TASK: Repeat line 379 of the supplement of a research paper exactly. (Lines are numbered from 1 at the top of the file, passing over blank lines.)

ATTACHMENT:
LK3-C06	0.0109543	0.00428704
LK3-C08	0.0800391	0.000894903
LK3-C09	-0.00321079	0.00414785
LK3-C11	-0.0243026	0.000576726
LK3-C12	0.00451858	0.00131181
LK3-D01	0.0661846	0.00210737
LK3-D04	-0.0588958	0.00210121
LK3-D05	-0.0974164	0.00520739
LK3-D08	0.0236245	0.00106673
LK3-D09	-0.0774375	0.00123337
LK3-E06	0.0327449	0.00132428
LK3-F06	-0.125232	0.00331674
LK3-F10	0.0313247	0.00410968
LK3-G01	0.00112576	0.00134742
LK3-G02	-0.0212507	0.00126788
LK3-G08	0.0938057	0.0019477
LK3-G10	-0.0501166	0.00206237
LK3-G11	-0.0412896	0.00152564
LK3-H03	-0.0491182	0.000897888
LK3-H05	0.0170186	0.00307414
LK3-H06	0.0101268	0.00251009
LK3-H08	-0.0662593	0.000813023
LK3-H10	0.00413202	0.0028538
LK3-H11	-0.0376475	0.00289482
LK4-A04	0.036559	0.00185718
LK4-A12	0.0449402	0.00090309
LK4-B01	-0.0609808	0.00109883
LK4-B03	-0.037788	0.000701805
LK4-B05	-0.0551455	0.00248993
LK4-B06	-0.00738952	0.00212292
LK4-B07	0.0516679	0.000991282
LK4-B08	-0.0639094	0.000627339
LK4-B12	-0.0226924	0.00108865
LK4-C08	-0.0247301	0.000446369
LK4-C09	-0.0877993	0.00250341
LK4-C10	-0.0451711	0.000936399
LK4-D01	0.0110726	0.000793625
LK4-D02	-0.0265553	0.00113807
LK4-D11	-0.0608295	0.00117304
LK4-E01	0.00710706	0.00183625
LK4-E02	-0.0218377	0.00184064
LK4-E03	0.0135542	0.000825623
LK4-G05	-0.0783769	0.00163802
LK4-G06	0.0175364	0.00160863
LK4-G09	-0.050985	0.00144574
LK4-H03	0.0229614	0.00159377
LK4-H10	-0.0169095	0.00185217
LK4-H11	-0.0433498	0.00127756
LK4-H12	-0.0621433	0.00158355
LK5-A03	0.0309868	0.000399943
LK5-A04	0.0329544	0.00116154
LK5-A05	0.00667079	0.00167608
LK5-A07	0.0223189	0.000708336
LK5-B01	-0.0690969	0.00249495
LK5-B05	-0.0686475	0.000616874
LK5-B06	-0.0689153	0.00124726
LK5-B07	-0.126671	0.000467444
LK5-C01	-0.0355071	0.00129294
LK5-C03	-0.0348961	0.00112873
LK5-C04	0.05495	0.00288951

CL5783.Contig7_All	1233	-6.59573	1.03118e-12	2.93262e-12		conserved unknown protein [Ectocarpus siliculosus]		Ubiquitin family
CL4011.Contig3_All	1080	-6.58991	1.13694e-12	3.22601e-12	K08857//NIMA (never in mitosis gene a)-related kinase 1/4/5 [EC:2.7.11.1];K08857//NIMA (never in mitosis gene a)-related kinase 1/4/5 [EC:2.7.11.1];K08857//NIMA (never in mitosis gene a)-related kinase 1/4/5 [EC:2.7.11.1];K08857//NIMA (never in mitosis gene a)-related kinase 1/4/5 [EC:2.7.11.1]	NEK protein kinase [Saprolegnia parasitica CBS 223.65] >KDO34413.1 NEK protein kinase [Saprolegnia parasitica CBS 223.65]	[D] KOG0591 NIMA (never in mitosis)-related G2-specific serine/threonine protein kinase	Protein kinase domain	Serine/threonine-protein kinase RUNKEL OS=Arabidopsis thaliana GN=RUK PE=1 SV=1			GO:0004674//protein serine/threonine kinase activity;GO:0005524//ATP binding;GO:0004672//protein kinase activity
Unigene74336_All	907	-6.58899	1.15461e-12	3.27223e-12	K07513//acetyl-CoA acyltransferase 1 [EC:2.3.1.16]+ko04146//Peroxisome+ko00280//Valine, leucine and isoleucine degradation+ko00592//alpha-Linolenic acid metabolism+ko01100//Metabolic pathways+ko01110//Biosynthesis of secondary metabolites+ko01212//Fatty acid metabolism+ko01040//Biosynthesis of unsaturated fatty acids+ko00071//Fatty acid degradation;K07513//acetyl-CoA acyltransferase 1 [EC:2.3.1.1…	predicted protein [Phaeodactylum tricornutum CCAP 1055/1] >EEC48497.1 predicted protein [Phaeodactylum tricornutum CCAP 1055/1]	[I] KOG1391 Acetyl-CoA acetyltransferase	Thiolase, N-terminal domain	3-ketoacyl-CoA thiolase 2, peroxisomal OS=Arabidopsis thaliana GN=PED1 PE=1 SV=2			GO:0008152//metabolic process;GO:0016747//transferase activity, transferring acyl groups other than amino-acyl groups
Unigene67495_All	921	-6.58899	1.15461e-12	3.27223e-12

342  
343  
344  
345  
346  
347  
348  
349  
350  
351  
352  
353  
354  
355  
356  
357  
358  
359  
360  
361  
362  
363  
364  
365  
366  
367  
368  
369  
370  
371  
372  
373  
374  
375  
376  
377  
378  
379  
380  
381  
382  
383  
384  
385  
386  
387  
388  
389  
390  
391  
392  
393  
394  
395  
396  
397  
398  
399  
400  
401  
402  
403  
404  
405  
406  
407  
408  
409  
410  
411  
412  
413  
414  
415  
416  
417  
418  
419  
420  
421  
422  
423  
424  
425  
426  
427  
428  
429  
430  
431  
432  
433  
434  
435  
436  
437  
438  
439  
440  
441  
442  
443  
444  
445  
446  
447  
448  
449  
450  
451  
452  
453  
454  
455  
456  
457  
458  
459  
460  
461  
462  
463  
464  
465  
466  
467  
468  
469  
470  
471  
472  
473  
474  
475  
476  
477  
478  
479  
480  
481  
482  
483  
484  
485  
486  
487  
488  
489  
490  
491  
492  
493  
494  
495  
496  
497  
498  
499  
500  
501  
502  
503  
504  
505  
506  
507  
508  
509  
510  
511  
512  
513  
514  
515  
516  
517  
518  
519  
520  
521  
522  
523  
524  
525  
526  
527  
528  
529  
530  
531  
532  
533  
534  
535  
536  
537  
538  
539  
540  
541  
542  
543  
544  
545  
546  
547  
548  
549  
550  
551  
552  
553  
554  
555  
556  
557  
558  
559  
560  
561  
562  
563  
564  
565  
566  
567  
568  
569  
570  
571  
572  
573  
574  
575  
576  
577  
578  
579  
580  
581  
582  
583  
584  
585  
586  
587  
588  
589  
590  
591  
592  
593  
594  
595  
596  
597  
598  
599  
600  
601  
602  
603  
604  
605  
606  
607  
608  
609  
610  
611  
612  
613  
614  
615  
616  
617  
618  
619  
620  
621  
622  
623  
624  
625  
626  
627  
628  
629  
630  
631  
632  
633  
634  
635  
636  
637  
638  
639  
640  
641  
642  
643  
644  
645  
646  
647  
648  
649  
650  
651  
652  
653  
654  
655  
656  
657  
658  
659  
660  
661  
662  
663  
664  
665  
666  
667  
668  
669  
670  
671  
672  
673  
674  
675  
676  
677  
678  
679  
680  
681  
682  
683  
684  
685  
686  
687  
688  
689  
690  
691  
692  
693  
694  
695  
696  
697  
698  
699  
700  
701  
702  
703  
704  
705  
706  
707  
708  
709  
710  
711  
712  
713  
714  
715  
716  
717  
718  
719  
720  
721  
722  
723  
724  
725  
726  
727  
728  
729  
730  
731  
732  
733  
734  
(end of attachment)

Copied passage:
656  